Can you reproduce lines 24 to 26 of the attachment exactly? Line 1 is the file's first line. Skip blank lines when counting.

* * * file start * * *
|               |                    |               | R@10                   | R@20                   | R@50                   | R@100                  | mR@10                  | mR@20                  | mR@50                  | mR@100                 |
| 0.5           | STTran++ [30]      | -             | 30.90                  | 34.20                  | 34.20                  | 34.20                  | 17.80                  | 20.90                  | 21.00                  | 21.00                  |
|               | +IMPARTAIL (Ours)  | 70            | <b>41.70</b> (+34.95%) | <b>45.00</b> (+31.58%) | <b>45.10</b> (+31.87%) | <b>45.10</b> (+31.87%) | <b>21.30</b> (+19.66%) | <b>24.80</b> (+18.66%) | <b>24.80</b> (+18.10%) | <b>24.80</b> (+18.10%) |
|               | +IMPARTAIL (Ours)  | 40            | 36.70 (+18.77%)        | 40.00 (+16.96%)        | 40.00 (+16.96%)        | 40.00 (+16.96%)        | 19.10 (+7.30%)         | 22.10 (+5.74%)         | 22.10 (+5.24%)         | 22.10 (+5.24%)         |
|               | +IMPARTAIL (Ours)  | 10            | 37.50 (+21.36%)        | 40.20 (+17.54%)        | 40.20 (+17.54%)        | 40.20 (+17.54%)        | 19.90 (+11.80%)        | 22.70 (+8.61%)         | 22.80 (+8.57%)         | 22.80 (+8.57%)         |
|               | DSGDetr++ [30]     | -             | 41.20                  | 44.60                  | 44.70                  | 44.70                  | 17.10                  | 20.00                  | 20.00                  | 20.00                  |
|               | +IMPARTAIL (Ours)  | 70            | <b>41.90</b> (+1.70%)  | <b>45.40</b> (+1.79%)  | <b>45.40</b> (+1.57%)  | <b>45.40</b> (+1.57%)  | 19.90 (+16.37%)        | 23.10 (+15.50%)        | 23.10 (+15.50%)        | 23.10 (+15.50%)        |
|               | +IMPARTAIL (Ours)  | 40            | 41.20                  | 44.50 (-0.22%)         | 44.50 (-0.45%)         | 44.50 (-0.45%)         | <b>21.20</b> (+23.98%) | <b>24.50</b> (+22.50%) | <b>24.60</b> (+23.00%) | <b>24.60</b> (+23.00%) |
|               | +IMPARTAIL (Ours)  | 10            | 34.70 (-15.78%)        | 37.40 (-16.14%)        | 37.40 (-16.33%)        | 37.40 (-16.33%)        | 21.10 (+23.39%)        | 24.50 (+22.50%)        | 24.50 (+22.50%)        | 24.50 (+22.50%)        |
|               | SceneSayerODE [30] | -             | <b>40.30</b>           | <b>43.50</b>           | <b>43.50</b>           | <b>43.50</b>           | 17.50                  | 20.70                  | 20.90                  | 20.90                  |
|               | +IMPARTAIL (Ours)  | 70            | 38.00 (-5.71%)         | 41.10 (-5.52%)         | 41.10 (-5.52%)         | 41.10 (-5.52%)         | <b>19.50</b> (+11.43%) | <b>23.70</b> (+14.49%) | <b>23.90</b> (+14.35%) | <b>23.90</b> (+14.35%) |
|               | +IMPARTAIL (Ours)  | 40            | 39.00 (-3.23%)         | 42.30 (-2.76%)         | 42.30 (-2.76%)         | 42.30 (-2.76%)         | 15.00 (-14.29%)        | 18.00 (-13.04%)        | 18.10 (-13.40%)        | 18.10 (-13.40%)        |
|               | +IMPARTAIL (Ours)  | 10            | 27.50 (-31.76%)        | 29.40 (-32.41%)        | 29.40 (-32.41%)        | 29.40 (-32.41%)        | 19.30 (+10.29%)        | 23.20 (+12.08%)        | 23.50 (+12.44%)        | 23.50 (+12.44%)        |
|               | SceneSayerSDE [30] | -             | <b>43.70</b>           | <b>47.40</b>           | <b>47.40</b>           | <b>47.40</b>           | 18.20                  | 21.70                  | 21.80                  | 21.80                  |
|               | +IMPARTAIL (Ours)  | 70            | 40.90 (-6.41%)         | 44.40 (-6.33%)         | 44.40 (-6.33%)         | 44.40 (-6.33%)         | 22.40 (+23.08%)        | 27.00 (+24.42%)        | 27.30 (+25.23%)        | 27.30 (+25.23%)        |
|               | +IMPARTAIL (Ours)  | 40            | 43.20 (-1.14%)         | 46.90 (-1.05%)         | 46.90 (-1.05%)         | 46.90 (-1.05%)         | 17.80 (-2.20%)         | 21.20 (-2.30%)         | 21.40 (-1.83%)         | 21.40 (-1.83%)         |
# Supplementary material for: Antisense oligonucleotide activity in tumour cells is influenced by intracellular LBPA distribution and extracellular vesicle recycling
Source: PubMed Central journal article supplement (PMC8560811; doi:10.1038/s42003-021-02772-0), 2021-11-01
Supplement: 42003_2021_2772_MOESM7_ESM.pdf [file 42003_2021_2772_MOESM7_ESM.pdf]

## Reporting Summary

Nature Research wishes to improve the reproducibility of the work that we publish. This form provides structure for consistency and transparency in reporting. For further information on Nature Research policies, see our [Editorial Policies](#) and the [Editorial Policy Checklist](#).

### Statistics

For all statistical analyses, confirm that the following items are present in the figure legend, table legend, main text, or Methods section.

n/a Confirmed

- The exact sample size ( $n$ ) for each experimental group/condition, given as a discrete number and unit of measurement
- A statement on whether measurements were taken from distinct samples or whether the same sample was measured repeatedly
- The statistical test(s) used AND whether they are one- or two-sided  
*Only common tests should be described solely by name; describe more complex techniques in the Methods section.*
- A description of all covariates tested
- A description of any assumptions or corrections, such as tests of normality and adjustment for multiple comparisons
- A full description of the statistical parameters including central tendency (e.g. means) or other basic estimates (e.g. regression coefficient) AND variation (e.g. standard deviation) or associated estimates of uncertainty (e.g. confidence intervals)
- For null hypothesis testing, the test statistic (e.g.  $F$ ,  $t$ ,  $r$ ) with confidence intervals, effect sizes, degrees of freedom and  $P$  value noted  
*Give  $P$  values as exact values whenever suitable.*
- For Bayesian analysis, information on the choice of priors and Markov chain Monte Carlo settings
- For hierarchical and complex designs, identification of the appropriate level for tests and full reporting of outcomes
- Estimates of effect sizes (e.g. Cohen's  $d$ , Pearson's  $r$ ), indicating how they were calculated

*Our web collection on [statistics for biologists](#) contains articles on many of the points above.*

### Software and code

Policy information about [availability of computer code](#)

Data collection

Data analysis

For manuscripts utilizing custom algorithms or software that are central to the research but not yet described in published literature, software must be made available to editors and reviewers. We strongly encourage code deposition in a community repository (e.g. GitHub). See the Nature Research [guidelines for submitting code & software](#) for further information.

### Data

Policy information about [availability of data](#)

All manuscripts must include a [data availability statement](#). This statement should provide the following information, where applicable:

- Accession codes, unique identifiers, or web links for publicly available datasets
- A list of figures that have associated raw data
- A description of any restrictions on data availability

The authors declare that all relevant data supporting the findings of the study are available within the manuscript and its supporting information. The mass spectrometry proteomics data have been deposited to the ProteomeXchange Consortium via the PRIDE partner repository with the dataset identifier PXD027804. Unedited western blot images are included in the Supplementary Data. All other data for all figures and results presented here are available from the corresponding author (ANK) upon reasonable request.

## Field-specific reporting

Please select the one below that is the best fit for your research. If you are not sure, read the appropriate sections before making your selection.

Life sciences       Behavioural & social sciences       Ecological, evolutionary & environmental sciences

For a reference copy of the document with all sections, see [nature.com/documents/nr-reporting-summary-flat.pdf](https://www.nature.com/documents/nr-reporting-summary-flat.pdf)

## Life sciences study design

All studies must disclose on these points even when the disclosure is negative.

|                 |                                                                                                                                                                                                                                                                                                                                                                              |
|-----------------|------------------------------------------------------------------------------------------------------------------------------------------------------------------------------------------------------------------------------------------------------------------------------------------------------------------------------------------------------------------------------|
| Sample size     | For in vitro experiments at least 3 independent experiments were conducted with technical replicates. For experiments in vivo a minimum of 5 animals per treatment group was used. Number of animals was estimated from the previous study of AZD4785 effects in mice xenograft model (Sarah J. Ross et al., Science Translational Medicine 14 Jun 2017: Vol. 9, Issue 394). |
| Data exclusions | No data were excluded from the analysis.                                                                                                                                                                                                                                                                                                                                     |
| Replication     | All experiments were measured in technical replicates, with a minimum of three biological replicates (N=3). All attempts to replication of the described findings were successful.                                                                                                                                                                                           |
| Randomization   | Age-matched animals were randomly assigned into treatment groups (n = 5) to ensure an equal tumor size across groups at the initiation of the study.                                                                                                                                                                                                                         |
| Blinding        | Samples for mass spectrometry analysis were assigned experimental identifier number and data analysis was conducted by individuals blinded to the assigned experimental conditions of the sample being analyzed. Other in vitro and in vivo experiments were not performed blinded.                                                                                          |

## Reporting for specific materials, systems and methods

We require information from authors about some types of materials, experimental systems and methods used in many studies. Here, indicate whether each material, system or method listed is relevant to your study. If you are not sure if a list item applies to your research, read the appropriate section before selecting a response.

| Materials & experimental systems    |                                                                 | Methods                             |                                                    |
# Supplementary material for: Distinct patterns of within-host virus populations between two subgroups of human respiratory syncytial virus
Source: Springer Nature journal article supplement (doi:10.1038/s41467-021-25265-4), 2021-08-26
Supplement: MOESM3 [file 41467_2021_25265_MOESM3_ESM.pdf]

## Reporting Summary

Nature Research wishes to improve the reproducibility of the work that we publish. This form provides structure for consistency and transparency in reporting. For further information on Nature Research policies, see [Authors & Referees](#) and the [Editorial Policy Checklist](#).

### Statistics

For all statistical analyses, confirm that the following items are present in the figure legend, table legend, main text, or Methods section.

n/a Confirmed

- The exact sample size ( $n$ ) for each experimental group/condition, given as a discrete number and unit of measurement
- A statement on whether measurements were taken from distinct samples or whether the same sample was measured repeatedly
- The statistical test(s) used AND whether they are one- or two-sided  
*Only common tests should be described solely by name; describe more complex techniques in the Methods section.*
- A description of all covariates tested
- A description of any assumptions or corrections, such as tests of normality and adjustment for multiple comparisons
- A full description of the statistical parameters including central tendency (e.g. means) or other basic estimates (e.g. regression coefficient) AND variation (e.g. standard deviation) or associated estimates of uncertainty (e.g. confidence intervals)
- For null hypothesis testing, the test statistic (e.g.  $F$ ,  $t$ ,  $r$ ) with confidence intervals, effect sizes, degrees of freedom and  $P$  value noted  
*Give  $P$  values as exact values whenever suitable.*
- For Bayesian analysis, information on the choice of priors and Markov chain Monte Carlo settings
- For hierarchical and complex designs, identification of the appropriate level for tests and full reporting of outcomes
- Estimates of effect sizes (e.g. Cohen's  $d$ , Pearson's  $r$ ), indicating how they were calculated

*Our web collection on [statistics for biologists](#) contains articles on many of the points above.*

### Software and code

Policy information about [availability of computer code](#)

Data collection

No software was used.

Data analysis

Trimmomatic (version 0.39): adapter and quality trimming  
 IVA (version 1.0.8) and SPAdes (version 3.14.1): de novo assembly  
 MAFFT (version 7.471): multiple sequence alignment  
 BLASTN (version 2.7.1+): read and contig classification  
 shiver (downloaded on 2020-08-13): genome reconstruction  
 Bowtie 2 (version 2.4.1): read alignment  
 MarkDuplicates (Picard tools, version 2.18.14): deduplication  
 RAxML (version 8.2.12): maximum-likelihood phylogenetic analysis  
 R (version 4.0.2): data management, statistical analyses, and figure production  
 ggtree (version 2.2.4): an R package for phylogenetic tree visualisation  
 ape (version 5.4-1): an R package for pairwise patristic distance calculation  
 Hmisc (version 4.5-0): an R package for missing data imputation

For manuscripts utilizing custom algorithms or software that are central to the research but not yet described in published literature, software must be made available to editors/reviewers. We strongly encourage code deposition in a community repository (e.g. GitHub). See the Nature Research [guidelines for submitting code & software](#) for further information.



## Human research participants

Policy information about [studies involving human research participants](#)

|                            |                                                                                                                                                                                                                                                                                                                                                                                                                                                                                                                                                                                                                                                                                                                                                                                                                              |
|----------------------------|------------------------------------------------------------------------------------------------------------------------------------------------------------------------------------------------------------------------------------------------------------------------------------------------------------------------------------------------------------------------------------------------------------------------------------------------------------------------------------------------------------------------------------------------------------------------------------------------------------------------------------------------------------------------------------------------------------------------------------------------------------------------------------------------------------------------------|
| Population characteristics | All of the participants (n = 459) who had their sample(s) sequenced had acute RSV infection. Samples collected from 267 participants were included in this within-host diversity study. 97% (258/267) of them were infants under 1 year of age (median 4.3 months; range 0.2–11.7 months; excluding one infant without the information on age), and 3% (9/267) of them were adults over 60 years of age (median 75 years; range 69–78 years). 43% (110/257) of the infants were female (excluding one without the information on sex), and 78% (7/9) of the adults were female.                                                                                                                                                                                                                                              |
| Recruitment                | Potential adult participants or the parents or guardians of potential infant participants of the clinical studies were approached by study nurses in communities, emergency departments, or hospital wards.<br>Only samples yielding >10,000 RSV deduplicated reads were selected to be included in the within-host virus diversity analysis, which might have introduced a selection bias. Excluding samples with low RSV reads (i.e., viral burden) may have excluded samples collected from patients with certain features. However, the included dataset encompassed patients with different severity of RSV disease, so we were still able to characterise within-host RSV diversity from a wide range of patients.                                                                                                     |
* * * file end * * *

n/a Confirmed

- The exact sample size ( $n$ ) for each experimental group/condition, given as a discrete number and unit of measurement
- A statement on whether measurements were taken from distinct samples or whether the same sample was measured repeatedly